Dear White People is a little gem of a movie, the feature debut of writer-director Justin Simien. It’s ostensibly a satire on race in academia (and America), in which Simien explores the experiences of four black students who attend the fictional Winchester University. If you have friends who say, “America can’t be racist anymore since we have a black President,” tell them to go see Dear White People. And go see it with them.
I was surprised that the multiplex showing Dear White People had given it a larger theater, not one of the tiny ones in the back where they normally stick little movies. Were they afraid that stashing it in one of the tiny houses might constitute racism? Or did they really expect a smart satire on race relations to be a packed house when—to quote the movie—“we live in a world in which there is a Big Mama’s House 3”?
The second thing that got me thinking before the movie even began was the coming attractions: They were all movies featuring black performers, all being marketed to black audiences (except for a Will Smith thriller that will surely be branded as a cross-over). I’ve never been more aware of the segregation in the movie theater than at the screening of Dear White People, especially in terms of marketing. Of course, this doesn’t mean that the theaters themselves are always so segregated. And yet… I felt that I was seeing an alternate universe of movie trailers that are not shown before films where a mostly white audience is assumed.
So, here’s some tricky logic: Dear White People is a movie featuring a cast of mainly black people that purports to be a direct message to white people but is being marketed—at my local theater giant, at least—exclusively to black people. I assume this because the coming attractions are never accidental, never arbitrarily selected. Suddenly, it felt like the movie’s point was being made before it had even begun.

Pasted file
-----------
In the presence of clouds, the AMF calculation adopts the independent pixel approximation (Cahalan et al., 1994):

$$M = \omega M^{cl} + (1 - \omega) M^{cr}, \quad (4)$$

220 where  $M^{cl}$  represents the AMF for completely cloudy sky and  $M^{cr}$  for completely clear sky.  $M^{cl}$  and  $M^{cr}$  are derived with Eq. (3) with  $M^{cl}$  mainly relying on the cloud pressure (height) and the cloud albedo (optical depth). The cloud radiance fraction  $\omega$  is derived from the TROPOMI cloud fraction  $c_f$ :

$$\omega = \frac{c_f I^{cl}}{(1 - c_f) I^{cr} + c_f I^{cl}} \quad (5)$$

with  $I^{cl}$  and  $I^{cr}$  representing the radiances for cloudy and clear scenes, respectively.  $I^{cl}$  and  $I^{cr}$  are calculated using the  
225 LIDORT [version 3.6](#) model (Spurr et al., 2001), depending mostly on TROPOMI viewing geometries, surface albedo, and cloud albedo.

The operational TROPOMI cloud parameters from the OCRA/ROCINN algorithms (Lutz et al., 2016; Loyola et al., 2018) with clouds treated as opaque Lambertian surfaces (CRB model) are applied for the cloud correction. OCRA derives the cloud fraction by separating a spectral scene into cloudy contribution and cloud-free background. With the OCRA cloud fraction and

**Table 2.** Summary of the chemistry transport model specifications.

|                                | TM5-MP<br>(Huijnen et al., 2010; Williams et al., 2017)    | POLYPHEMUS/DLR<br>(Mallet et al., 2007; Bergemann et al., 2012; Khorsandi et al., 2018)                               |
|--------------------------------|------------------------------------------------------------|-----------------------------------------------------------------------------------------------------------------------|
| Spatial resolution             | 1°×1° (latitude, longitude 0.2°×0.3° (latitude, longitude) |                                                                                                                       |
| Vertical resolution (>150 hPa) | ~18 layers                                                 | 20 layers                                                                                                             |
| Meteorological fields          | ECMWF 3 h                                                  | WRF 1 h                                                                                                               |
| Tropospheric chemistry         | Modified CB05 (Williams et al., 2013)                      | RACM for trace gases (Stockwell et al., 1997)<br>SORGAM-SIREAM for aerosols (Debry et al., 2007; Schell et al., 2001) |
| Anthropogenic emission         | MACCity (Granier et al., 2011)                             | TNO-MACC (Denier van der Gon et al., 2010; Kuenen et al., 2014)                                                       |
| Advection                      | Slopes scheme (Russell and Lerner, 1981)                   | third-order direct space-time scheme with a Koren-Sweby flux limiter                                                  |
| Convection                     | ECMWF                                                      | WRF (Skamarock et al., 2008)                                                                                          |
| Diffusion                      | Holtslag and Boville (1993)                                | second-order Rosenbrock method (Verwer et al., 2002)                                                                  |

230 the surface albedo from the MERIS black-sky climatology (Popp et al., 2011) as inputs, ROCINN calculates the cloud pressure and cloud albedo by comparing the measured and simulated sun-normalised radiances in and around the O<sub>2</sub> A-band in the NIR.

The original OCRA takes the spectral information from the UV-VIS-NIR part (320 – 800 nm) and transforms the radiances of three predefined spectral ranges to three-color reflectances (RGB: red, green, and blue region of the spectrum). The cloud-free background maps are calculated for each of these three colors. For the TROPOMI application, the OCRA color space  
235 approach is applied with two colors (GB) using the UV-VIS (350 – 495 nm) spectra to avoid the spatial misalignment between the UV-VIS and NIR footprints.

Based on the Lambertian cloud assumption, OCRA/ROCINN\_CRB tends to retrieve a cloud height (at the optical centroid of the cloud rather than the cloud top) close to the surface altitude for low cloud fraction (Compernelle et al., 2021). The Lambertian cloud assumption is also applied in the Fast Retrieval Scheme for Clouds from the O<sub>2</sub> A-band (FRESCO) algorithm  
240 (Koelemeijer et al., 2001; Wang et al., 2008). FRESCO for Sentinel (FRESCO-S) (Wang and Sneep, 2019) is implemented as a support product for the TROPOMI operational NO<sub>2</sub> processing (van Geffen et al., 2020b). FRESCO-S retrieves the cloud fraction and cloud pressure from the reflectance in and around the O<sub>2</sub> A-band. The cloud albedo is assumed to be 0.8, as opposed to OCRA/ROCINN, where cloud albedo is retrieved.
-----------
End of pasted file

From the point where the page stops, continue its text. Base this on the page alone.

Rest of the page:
Dear White People is worth seeing, and not just because of its heavy, important subject matter. This is one of the first movies in recent memory that rejects the idea that there can only be one “black experience” in this country. The movie has a lot of bones to pick with the subtle racism of privileged white people, but it’s also determined to show us a multiplicity of stories, all about real human beings. And that’s where Dear White People really won me over, in its depiction of characters about whom I found myself really caring. They’re flawed, they have certain insecurities and fears, they’re funny, they’re alternately confident and confused, and ultimately just very human.
One of the main characters is Lionel (Tyler James Williams), whose big shock of afro is a constant source of amusement for white girls who want to play with it. Lionel isn’t sure how to tell them no, but he isn’t sure that giving himself a buzz cut will amount to anything more than selling out. Lionel’s main aspiration is to be a writer, but he’s being shuffled around campus because of incompatible roommates, one of whom gay-baits him to the point of genuine harassment. But when offered the option of living in the traditionally all-black fraternity, Lionel turns that down too. It’s just one more label, one more prefab identity that has been manufactured for him. I suppose in some ways Lionel is a bit of a hipster. But he doesn’t have the arrogance of a hipster. He’s trying to find out who he is, and afraid that “choosing” one particular identity over another might cause him future regret. He also just wants to be accepted, and he’s been burned so much in the past that he doesn’t trust any of the groups being marketed to him.